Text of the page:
This book is not entirely about Senator Warren's years in public office and what she has done, though her feistiness and motivated attitude impressed me a lot, and I hope she has a long life in public service. It's more about the history of the middle class in America starting from FDR's years and how corporate lobbying has tilted democracy away from helping the everyman and in favor of the rich elite. She is a very opinionated woman and if you like the idea of deregulation and trickle-down economics, you will hate the content of this book.

    To be completely honest, reading this, I couldn't help but feel powerless, like we as a people are staring down at a mountain of work ahead of us. It will take a lot of pieces, a lot of people, and a lot of pushing to change the course of how lobbying works in our democratic process, and it will likely take years to unravel. I don't know how much faith I have in people that it will happen. But as Elizabeth says, we have to fight, because not fighting means we're going to lose anyway.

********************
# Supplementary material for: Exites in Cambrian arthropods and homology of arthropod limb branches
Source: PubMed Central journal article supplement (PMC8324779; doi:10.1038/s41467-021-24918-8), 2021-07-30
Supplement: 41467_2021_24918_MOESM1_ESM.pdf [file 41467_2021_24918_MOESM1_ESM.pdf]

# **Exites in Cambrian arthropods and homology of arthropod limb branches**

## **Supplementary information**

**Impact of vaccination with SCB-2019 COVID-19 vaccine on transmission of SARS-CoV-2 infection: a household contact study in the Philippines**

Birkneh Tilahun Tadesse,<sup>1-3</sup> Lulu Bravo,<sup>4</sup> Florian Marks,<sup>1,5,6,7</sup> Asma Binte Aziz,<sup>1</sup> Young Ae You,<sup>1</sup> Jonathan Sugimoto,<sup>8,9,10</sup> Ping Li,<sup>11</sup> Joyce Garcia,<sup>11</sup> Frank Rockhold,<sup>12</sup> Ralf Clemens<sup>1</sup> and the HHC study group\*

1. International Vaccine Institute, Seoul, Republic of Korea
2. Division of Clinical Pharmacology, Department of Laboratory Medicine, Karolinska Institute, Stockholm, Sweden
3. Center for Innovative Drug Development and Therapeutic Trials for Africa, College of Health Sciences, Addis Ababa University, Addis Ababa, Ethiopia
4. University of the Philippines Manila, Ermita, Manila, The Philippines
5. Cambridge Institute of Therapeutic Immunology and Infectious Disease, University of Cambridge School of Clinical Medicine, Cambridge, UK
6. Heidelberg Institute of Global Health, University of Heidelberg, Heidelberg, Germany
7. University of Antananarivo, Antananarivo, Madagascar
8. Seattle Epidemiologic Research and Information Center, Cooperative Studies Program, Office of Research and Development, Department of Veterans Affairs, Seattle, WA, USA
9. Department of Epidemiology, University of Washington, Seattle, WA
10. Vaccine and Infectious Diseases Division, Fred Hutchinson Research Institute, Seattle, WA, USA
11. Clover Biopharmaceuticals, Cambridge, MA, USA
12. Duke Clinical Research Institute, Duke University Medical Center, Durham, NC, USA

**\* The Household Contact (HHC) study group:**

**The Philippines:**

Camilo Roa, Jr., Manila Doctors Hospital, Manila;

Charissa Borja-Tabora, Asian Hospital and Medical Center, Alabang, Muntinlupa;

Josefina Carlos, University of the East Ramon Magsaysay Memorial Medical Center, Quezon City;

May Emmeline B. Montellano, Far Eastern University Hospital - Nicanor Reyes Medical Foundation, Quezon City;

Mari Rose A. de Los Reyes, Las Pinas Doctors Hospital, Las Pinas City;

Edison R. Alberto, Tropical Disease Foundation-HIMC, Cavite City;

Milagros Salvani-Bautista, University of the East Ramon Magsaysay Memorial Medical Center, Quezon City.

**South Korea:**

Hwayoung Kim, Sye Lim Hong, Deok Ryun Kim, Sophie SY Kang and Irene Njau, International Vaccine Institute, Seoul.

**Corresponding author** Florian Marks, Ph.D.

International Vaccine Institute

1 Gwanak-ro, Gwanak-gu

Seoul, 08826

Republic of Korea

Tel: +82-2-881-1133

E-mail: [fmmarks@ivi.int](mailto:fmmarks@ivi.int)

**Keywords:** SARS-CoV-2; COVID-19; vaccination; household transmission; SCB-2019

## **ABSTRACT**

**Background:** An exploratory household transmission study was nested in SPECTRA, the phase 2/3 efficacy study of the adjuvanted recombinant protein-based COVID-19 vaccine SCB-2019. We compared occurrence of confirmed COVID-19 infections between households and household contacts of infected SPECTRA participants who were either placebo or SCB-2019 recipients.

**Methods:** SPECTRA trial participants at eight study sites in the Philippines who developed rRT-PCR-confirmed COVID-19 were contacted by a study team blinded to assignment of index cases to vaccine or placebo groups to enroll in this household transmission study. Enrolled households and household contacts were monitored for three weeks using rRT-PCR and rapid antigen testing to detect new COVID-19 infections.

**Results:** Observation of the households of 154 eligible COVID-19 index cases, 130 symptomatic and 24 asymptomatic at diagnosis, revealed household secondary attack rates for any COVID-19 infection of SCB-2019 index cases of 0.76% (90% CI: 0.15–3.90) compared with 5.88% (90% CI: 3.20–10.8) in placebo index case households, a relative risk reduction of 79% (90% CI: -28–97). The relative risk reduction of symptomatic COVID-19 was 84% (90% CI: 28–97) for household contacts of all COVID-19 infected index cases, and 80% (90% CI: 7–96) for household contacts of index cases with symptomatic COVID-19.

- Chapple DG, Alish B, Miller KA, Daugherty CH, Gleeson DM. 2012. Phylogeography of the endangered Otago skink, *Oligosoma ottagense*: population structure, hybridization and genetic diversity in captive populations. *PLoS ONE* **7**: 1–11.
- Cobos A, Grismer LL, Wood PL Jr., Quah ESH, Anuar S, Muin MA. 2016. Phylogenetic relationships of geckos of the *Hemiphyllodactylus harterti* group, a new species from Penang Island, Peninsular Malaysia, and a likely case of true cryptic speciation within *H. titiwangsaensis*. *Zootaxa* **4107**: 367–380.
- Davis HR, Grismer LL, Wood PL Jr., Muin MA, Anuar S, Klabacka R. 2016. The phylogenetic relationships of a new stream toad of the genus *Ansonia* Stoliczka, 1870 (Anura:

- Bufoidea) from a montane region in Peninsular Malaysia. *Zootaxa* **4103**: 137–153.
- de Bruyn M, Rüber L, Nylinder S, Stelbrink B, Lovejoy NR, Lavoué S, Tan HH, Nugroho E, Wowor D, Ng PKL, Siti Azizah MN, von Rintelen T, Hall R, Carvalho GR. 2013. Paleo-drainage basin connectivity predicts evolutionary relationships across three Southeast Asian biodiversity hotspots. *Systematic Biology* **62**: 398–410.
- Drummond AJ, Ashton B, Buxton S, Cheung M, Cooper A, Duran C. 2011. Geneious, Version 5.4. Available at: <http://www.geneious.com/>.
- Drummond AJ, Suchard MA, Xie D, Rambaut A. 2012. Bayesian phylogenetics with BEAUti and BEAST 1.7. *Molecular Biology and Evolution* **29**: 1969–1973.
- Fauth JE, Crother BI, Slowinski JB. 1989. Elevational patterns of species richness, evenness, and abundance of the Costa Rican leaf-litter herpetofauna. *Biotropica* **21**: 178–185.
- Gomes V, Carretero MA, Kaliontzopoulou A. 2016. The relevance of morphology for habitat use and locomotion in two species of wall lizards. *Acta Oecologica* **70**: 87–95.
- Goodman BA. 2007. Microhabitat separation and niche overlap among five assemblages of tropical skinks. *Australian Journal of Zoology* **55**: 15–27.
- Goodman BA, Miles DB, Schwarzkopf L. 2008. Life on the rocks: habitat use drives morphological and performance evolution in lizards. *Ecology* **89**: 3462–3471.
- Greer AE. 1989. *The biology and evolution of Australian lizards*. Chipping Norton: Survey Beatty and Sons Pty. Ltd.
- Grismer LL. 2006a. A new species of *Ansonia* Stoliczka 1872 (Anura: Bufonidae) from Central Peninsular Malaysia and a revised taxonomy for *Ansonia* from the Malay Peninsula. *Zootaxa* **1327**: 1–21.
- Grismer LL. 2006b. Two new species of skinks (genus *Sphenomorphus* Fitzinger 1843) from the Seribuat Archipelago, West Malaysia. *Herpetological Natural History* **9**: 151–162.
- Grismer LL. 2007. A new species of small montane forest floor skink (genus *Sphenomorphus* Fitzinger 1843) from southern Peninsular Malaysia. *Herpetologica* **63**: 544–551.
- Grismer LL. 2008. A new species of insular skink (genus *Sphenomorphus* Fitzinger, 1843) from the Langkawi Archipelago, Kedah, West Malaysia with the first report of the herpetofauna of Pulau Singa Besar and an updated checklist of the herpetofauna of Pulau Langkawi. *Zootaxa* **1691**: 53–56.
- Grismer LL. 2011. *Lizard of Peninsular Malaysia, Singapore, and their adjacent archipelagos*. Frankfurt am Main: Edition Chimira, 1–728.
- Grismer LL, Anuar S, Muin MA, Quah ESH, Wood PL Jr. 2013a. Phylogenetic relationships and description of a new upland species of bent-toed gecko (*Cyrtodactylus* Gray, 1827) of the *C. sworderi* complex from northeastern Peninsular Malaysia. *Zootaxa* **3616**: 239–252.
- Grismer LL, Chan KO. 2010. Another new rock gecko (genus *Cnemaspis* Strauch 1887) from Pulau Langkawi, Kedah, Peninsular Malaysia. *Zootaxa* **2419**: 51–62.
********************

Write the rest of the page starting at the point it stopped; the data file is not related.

The writing style is easy to digest, written simply and sometimes kind of over-the-top sarcastic-cutely. Insertions of "ha, ha" or "Oops, I meant this" were scattered around. She re-uses the same terms over and over again, like "cops on the beat." I know she chose this writing style to break up the history lesson so it sounded more conversational and less like a textbook (and it works well; the book is very readable) but it was almost patronizing at times.

    But it's a very good primer to see how Senator Warren thinks, and how I hope more public officials start to act in the next few years. I would definitely recommend this book to others.

  • Montcrieff